Blog About Books Journalism Consultancy Broadcast

[Posted in Uncategorized]

Neglect of Somalia will have high price

The west is easily distracted. Just as the war in Iraq diverted attention from Afghanistan, allowing the Taliban to regroup and consolidate its hold over much of the country, so the war in Afghanistan has blinded policymakers to the growing crisis in Somalia. Islamist rebels who on Tuesday killed more than 30 people including MPs and officials in a raid on a hotel in Mogadishu are now exporting terrorism beyond its borders. Somalia poses a genuine danger to the Horn of Africa region and the west.

Last month’s twin bomb attacks in Uganda’s capital Kampala, which killed 76 people, changed the rules of the game. They marked the first time the al-Shabaab group, which controls much of southern Somalia and most of Mogadishu, had struck outside the country. At a stroke a hitherto local conflict within a marginal country that has not had a government since 1991 was internationalised. Ahmed Abdi Godane, al-Shabaab’s leader, warned this was “just the beginning”.

While Washington and London have concentrated on Afghanistan, al-Shabaab has been recruiting foreign fighters. In February, it announced an alliance with al-Qaeda. It is now the strongest armed faction in the country. Jihadists commute freely between Yemen and Somalia across the Gulf of Aden. The southern Somali port of Kismayo has become a logistics hub, allowing the movement of men and materiel into Somalia. For Somalis, the rise of these extremists has been a catastrophe. Daily life is characterised, by Human Rights Watch as “grinding repression” against a backdrop of public beheadings, and stoning of women accused of adultery.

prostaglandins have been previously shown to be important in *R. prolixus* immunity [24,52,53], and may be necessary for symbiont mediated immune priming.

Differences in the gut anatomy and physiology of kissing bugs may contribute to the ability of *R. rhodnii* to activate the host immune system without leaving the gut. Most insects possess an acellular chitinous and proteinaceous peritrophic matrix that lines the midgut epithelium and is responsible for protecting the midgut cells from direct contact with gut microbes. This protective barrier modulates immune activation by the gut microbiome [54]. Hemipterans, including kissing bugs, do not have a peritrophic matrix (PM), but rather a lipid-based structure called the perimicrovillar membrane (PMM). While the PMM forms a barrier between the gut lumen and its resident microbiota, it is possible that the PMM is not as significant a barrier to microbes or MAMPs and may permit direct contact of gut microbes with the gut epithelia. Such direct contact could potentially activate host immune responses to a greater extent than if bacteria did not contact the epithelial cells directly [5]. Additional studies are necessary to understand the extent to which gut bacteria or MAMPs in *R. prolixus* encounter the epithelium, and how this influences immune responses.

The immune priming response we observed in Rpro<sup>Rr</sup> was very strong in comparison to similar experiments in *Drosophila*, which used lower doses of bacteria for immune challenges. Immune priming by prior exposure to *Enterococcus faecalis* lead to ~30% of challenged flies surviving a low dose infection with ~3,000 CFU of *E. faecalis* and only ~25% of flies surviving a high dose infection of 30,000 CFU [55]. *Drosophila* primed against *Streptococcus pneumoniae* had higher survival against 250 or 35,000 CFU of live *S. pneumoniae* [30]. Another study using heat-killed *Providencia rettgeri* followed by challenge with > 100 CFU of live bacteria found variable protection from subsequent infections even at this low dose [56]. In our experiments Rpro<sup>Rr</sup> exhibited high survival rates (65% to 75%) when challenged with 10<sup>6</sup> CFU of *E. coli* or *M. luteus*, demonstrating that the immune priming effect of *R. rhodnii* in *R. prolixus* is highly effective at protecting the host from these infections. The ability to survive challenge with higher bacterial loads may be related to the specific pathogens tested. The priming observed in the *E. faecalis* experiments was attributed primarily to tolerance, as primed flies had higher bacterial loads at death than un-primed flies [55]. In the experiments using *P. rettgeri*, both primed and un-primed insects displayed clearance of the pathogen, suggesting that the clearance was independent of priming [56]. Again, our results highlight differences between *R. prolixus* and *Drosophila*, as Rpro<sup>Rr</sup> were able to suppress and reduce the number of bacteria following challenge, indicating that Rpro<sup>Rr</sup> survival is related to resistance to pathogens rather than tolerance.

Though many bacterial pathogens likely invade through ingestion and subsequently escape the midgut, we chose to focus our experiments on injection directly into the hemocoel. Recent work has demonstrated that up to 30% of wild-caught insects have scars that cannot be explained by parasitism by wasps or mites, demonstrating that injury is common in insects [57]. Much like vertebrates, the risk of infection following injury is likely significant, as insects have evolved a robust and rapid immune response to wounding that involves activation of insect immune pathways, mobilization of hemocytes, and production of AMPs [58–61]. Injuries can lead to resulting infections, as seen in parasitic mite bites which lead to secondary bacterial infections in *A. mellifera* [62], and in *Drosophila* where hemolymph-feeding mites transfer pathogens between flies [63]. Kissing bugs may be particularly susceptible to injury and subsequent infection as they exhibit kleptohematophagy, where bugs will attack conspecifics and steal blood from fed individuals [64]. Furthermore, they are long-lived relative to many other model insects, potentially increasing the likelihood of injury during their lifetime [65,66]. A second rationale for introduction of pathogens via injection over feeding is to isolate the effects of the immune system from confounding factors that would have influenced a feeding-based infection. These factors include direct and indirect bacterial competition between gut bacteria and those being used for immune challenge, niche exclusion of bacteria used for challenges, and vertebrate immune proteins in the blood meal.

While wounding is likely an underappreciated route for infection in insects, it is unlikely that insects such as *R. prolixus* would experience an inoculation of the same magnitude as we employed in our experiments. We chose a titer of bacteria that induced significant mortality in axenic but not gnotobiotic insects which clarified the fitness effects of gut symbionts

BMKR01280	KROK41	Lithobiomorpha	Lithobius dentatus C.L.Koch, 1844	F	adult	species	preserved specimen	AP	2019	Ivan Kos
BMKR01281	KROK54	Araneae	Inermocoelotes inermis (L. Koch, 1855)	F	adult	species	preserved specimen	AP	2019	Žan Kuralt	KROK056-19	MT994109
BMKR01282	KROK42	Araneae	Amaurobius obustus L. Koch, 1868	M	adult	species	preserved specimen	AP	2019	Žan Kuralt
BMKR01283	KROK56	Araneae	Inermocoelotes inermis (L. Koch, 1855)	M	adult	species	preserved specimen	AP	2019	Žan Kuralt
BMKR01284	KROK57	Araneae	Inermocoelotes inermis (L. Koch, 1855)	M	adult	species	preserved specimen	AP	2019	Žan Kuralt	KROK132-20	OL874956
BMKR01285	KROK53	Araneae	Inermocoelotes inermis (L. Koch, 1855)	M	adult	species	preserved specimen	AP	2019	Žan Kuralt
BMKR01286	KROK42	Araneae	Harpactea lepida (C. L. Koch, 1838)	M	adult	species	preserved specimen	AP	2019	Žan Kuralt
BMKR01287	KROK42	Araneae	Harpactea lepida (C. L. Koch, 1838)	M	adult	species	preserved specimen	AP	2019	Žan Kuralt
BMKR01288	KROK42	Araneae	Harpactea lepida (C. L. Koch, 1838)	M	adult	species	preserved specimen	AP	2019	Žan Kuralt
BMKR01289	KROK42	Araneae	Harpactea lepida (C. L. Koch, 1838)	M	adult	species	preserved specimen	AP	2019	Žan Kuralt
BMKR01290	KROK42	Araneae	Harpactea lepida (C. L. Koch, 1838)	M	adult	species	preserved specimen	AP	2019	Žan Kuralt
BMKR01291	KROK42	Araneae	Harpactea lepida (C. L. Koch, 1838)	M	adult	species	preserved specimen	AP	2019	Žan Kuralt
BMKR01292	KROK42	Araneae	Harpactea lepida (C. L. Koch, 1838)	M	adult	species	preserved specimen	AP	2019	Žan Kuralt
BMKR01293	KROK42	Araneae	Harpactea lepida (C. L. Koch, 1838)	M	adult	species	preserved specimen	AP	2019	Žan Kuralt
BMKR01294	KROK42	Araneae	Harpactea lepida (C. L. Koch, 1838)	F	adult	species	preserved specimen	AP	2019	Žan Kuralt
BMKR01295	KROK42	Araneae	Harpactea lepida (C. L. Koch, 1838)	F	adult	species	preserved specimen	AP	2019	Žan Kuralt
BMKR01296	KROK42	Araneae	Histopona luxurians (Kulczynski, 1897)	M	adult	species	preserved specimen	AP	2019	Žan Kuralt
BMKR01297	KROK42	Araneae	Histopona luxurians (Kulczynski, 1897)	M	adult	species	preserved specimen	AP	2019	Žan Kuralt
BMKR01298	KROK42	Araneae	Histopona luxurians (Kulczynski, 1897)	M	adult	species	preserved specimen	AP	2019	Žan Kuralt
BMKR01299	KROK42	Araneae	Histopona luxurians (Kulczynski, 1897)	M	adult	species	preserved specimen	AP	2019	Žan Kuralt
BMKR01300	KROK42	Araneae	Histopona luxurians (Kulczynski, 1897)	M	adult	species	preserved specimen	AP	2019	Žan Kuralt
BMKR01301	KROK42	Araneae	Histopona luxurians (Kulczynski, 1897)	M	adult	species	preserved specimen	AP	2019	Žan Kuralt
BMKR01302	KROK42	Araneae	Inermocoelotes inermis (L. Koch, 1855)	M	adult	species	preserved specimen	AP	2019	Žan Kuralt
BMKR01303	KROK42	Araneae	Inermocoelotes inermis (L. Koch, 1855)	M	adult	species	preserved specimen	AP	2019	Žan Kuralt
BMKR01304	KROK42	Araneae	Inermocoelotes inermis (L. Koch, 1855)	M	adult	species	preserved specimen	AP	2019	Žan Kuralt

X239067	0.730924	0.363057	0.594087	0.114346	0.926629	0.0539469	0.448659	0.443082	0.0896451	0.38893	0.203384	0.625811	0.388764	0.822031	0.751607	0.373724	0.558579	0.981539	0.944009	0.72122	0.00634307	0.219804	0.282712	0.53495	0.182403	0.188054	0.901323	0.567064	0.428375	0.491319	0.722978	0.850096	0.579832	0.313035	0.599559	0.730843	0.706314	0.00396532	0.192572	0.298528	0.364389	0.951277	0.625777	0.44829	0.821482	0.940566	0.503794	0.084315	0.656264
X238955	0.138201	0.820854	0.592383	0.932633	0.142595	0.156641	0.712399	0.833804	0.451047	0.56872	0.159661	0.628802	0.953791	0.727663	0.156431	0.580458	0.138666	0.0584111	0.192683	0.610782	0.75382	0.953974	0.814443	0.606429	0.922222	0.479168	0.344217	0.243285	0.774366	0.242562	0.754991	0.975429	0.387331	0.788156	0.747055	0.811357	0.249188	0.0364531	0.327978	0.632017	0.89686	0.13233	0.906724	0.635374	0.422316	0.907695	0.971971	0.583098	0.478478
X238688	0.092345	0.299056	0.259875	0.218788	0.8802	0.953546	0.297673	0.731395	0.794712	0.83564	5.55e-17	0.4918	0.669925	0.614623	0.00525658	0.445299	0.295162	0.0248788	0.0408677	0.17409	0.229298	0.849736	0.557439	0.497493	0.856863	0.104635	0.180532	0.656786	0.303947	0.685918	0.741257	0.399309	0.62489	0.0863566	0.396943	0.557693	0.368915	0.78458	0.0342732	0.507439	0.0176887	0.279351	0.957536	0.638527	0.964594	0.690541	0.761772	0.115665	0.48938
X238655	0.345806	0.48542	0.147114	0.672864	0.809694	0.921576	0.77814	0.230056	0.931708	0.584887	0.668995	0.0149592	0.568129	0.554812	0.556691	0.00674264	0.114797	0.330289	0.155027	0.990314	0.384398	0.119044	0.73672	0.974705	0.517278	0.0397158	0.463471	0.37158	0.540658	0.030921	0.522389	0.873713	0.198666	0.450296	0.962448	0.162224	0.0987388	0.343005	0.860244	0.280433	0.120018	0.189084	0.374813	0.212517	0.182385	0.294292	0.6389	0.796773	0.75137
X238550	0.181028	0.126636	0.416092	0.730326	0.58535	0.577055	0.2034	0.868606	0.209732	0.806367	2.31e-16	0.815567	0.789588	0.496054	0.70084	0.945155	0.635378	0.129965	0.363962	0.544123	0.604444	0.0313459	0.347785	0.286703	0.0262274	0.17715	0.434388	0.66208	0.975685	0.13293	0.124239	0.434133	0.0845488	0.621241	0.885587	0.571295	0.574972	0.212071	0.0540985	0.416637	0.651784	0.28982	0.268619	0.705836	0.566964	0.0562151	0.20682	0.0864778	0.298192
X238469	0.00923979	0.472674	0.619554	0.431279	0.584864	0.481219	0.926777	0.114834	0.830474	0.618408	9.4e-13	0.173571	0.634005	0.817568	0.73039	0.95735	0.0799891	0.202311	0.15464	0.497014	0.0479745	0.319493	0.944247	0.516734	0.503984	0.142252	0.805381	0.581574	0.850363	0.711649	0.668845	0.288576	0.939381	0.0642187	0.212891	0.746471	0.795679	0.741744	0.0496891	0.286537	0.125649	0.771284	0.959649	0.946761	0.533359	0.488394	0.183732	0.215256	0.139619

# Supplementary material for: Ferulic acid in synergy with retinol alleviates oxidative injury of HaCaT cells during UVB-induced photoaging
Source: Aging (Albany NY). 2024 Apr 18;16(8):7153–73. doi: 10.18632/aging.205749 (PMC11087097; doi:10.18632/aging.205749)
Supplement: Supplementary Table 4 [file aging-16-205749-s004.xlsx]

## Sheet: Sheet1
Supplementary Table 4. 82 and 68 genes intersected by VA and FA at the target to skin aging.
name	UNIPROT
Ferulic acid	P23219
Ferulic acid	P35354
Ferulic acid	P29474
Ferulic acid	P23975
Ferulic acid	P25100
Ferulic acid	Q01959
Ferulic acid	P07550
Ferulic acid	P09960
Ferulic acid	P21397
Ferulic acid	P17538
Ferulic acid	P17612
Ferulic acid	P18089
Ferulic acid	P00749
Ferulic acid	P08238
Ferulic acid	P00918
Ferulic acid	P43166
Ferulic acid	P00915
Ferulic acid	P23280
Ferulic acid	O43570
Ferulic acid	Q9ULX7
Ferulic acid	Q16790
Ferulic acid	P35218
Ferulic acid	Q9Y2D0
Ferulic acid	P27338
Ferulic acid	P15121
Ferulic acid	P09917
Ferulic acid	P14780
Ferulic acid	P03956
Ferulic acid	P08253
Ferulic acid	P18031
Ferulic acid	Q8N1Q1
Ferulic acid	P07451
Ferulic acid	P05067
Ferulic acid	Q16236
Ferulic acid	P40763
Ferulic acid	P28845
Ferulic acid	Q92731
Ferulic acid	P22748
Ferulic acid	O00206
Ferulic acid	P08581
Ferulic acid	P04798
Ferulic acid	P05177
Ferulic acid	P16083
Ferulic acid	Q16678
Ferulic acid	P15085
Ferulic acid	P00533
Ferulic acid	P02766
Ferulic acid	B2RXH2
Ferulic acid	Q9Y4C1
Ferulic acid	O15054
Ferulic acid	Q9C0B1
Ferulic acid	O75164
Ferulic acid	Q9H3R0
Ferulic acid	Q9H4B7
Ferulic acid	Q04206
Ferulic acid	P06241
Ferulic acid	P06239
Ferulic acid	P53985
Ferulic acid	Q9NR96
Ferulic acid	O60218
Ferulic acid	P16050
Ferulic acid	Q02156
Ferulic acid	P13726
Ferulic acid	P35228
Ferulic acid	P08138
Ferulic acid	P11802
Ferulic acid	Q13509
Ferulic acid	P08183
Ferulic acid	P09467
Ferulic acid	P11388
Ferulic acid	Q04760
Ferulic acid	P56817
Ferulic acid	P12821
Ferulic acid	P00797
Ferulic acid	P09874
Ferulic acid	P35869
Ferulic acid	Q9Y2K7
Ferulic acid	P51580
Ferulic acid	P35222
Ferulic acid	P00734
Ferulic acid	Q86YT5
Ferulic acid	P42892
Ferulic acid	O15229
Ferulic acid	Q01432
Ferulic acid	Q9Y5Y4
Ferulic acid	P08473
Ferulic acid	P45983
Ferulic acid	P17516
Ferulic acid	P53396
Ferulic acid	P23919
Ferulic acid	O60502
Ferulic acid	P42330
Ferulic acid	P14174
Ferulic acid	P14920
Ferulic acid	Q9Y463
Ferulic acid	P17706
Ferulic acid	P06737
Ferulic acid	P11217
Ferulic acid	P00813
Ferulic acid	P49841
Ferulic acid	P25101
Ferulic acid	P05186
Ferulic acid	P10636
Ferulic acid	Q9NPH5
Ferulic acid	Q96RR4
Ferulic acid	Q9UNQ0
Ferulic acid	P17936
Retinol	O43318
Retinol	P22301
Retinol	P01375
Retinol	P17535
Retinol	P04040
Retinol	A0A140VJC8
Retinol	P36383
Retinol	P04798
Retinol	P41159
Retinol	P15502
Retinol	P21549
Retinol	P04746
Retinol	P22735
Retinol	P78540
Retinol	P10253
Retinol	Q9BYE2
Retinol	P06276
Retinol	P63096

Al-Shabaab’s rise is a threat to the international community on two levels. First, Somalia is becoming a safe haven for foreign fighters schooled in Iraq and Afghanistan. Second, the group has recruited successfully from the Somali diaspora. The suicide bomber who killed 23 people during a graduation ceremony in Mogadishu last December was a Danish Somali. One of the group’s highest-profile fighters is a Somali-American. Somali-Australians have already tried, unsuccessfully, to attack an Australian military base. The International Crisis Group has warned of the dangers to the US and UK, both of which have large Somali communities.

How can the world help Somalia pull back from the brink? It is tempting to dismiss this as too difficult and dangerous. Internal conflict has been endemic for two decades. Washington recalls too well the Black Hawk Down debacle of 1993. Yet the Kampala attacks underline the folly of “constructive disengagement”, as advocated in a Council on Foreign Relations paper. It was disengagement from Somalia not engagement that led to the current crisis.

The first practical step is to reinforce the under-resourced African Union force (Amisom). Raising troop levels to 10,000-12,000 would allow it to expel al-Shabaab from Mogadishu, freeing civilians from the fighting and allowing President Sheikh Sharif Ahmed’s Transitional Federal Government to start providing basic public services. More troops are no guarantee of success, yet under-resourcing a peacekeeping mission guarantees failure.

Retaking Mogadishu will also provide Somalis with the opportunity to engage in reconciliation because ultimately it will be Somalis, not outsiders, who solve the problems. Devolved decision-making is required. Last month the autonomous region of Somaliland showed a way ahead when it held largely peaceful elections in which the incumbent president stood down after the victory of the opposition candidate.

Donors must also get serious. It is unrealistic to expect the fledgling administration to behave like a government without adequate resources. In the UN’s report on Somalia last December, it was reported that of the $58m pledged by foreign donors in Brussels in 2009, the government had received just $5.6m. Little wonder soldiers who have not been paid in months are defecting to the better funded al-Shabaab. In return Mr Ahmed needs to pave the way for a new constitution and election to allow Somalis to choose a government.

The world can no longer look away. As General Nathan Mugisha, Amisom’s commander, told me in Mogadishu last month, “If the international community is serious about Somalia, it’s not a complicated problem to solve. But it’s getting more difficult by the day.”

The writer is a senior adviser at Albany Associates